Notes[a] "The Command of the Army in the East", The Morning Post, No. 25455, August 2, 1855.—Ed.
[b] The reference is to the sittings of the House of Commons of July 24, July 30 and August 2. The Times, No. 22115, July 25; No. 22120, July 31 and No. 22123, August 3, 1855.—Ed.
[c] Marx uses the English word.—Ed.
 "Entente cordiale"—the relations established between Britain and France after the July 1830 revolution by an agreement signed in April 1834, when Britain, France, Spain and Portugal formed an alliance. However, already at that stage differences between Britain and France emerged, which intensified as time went on. Marx is referring here to the strongly anti-French attitude taken by the British Government, in particular Palmerston, during the Turko-Egyptian conflict of 1839-41 (see Note 69↓).
 Bill regulating lease-hold tenure in Ireland—The Bills in question were submitted by Aberdeen's coalition Government in June 1853 to reduce the class struggle in the Irish countryside by granting the tenants certain rights and protecting them from landlord arbitrariness. Marx discussed the Bills in his article "The Indian Question.—Irish Tenant Right" (see present edition, Vol. 12, pp. 157-62). As Marx had foreseen, the British Parliament, reluctant to impinge on the interests of the landed aristocracy, refused to grant even minor concessions to the tenants. Even in curtailed form, the Bills were virtually quashed.
The Irish Brigade was the name given to the Irish faction in the British Parliament from the 1830s to 1850s. Up to 1847, the Irish Brigade was led by Daniel O'Connell. As neither the Tories nor the Whigs had a decisive majority the Brigade was able to tip the balance in Parliament and sometimes even decide the fate of the government.
In the early fifties, a number of MPs belonging to this faction formed an alliance with the radical Irish Tenant-Right League and set up what they called an Independent Opposition in the House of Commons. However, the leaders of the Irish Brigade soon made a deal with the British ruling circles, securing some secondary posts in Aberdeen's Coalition Government and refusing to support the League's demands. This demoralised the Independent Opposition and ultimately led to its collapse (1859).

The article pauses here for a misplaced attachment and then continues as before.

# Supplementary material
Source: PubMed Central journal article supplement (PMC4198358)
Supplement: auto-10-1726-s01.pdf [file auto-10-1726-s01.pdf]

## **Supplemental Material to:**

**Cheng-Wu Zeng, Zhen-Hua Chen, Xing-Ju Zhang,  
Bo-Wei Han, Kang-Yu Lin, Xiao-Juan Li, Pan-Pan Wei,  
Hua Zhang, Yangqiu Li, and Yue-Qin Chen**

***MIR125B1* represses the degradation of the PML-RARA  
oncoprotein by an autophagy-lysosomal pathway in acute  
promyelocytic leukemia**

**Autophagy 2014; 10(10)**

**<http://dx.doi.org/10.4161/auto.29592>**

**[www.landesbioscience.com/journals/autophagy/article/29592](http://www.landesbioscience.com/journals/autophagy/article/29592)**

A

A reference to the aggravation of Anglo-French differences in the Middle East during the Turko-Egyptian war of 1839-41. The conclusion, without French participation, of the London Convention of July 15, 1840 (see Note 20↓) on aid by the Western Powers to the Sultan in his struggle against the Egyptian ruler Mehemet Ali created the danger of war breaking out between Britain and France. Fearing the formation of an anti-French coalition, France was forced to discontinue its support for Egypt.
 The Afghanistan campaigns—during the first Anglo-Afghan war (1838-42) in which Britain strove to establish colonial rule in Afghanistan, British troops invaded Afghan territory twice (in 1838 and 1842). Both invasions failed to achieve their purpose.
At the insistence of the British government, Britain, Russia, Austria and Prussia signed a convention in London on July 15, 1840, on military assistance to Turkey in its war against Egypt (1839-41). In the autumn of 1840 British and Austrian warships bombarded Beirut, Saint-Jean-d'Acre and other for-tresses on the Syrian coast, which had been captured by Mehemet Ali, the ruler of Egypt, between 1831 and 1833. Eventually Mehemet Ali was forced to relinquish his possessions outside Egypt and submit to the supreme authority of the Sultan.
Source: Marx and Engels Collected Works, Volume 14 (pp.470-471), Progress Publishers, Moscow 1980